differential equation technique developed by Thompson,

Thames, and Mastin (TTM) will be used [8]. In order to

simplify computation of the velocity and temperature fields

to be made later, the grids in domain A in the

computational plane are taken to be squares, and Laplace

equations


(3.1)


Ezz rr = r









and

nzz + nrr = 0 (3.2)


are used in the physical plane to generate those square

grids in the computational plane; see figure 3. It can be

shown (see Appendix A) that these equations are transformed

to the following two in the computational plane


az 28zn + YZnn = 0 (3.3)

rCE 2Br + yr = 0 (3.4)

where

2 2 2 2
a = Z + r 2 = z z + rr y = z + r (3.5)
n n Tn En 1 E


It is imperative that the physical boundary of the

inner pipe, that is, ihg, be mapped onto i h g and bcd be

mapped to b c d ; both are constant n lines in the

computational plane. Similar relations must be established

for the bi and dg lines, which become constant E lines in

the computational plane. These one-to-one mapping

relations are usually referred to in the literature as

boundary conditions for the transformation equations (3.3)

and (3.4). In actuality, they provide the necessary

conditions so that constant n lines conform to the physical

boundary of the actual system.

To lay out z coordinates that enable a dense grid to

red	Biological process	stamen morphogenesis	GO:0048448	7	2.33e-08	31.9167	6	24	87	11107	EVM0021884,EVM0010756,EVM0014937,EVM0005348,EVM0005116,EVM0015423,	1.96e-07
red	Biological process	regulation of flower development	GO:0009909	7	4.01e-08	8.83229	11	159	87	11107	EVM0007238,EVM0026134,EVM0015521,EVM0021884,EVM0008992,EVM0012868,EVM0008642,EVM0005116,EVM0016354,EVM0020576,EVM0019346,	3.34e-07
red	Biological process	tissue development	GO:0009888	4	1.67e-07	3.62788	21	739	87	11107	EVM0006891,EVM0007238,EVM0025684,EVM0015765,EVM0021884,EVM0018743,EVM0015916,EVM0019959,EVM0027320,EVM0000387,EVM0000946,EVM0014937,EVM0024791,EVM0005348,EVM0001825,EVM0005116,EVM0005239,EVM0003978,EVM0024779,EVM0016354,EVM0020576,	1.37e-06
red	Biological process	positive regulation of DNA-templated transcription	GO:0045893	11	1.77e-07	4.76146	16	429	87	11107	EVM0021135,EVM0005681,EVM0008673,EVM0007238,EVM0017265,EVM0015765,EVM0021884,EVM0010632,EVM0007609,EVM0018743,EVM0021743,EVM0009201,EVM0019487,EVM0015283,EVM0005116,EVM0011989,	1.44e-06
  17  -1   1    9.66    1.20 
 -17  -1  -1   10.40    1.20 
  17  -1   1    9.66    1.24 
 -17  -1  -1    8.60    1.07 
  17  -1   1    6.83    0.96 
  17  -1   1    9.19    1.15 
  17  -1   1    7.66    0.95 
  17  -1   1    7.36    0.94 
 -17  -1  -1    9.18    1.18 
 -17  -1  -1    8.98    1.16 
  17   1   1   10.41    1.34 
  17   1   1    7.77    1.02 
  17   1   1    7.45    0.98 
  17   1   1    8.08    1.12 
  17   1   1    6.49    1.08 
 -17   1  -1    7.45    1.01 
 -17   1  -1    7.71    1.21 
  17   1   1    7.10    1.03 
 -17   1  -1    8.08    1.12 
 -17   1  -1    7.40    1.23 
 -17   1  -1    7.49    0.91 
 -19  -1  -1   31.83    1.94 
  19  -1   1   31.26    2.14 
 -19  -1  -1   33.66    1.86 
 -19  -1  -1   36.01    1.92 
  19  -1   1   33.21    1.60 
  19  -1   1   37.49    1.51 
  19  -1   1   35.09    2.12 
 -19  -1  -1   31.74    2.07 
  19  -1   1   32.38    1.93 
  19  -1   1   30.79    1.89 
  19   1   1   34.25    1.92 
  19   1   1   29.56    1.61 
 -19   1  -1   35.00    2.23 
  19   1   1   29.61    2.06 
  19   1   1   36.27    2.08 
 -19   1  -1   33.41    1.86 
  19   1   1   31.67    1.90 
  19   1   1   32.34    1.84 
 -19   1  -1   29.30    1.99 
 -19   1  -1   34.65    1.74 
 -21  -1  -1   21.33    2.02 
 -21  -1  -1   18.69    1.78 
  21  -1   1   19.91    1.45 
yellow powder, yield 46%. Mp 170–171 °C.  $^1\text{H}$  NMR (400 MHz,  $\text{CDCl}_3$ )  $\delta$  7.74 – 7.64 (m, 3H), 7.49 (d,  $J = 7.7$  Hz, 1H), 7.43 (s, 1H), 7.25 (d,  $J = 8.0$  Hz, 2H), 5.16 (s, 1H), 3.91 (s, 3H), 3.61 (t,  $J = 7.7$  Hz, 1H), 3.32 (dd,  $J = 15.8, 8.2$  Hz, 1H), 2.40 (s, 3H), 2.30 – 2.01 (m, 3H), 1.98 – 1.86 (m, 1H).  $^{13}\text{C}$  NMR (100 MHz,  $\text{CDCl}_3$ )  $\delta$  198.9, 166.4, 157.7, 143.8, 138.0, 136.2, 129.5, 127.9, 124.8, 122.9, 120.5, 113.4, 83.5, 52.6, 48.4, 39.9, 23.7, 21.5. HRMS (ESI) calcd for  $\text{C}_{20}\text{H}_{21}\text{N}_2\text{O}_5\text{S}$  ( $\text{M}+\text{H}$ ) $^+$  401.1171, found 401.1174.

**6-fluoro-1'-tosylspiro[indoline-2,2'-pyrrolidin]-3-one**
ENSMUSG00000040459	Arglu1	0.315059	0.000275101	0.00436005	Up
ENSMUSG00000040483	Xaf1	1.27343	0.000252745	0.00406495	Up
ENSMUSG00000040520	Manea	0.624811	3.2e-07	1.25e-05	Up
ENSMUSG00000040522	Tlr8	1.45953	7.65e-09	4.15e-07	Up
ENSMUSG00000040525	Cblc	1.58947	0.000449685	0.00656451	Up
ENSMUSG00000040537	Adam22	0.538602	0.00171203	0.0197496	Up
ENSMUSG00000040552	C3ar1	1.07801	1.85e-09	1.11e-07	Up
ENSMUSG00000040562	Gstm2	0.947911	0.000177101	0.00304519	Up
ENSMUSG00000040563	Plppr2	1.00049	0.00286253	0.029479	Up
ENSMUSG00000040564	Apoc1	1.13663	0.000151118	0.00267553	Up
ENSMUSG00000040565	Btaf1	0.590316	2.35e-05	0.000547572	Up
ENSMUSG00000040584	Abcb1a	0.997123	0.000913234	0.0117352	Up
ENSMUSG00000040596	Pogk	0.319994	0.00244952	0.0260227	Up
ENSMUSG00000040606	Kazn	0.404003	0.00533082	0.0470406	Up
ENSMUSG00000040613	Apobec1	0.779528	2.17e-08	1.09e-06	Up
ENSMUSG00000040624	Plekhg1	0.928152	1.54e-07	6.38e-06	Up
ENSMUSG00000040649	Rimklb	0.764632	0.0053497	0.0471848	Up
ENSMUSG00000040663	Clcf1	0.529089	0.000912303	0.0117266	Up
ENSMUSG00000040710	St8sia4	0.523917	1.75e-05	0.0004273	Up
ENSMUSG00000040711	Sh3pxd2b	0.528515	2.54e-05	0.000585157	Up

be formed near the turning point h, a cubic polynomial









equation



z = Z0 + al i + a2 + a3 (3.6)


proposed by Nietubicz et al. is used [9]. The z0 and zi

refer to the z positions at index i0 and ii, respectively;

i0 refers to the index at the turning point. Ti is a

normalized index, given as


1. i
= 0 (3.7)
1i i i


Equation (3.6) permits the z coordinates to be laid out

with the size of the increment Az increasing with the value

of the index ii. Once the positions of the first and last

point on the z axis are fixed, and correspondingly, values

for the indices i0 and if are assigned, and with the

provision of the sizes of the first and the last z

increment as additional input, this equation can be used to

generate an array of z positions having spacings as

desired. The use of this equation is discussed fully in

Appendix B.

Positions of interior nodal points (z,r) are found by

solving Eqs. (3.3) and (3.4). Since these equations are

nonlinear, a numerical technique must be used to solve

them. In this method, all derivatives in these equations

are represented by central differences, and the resulting








difference equations take the following form:


azi-,j-2(a+r)zi, +ai+1,j -= -Y(i,j-1zij+1+ i (3.8)


ari-lj-2(a+y)ri,j+ari+l,j = -y(ri,j_-1+rli+1)+ (n 9)
where
12 2
a = [(z i, -zi ) + (ri,j -ri, )2] (.10)
4 i,j+1 ij-1 1i,j+1 i,-1

1 [( i+1,j- i-lj)( i,j+1-zi,j-1

+ (r i+ ,-r l, )(ri,+ -ri,_ )] (3.11)


Y= l(z -z )2 2(r1 -i-,j2] (3.12)
S (Zi+l,j-z i-1,j + (ri+l,j-1ri-j)


S= (Zi+l,j+l-i+1,j-1 -1j-l--l,j+) (3.1)

and

r = (ri+l,j+1-ri+1,j-1+ri-,j-1-ri1,j1) (3.14)


Iteration is used in conjunction with successive line
over-relaxation to solve these equations. The relaxation
procedure is formulated as follows for each line (i.e.,

for a fixed j index):


k+1 k k
zi, = zi, + w (zi -zi ) (3.15)

and


k+1 k k
rij = r i, + wr (r -r1 i )
1,]l C^~ 1 ^ ,.) 1* ,^


(3.16)









where 1 < i < imax. In these equations, zi,j and ri,j are

the solutions of Eqs. (3.8) and (3.9); wz and wr are

relaxation parameters for z tnd r. The superscript k for z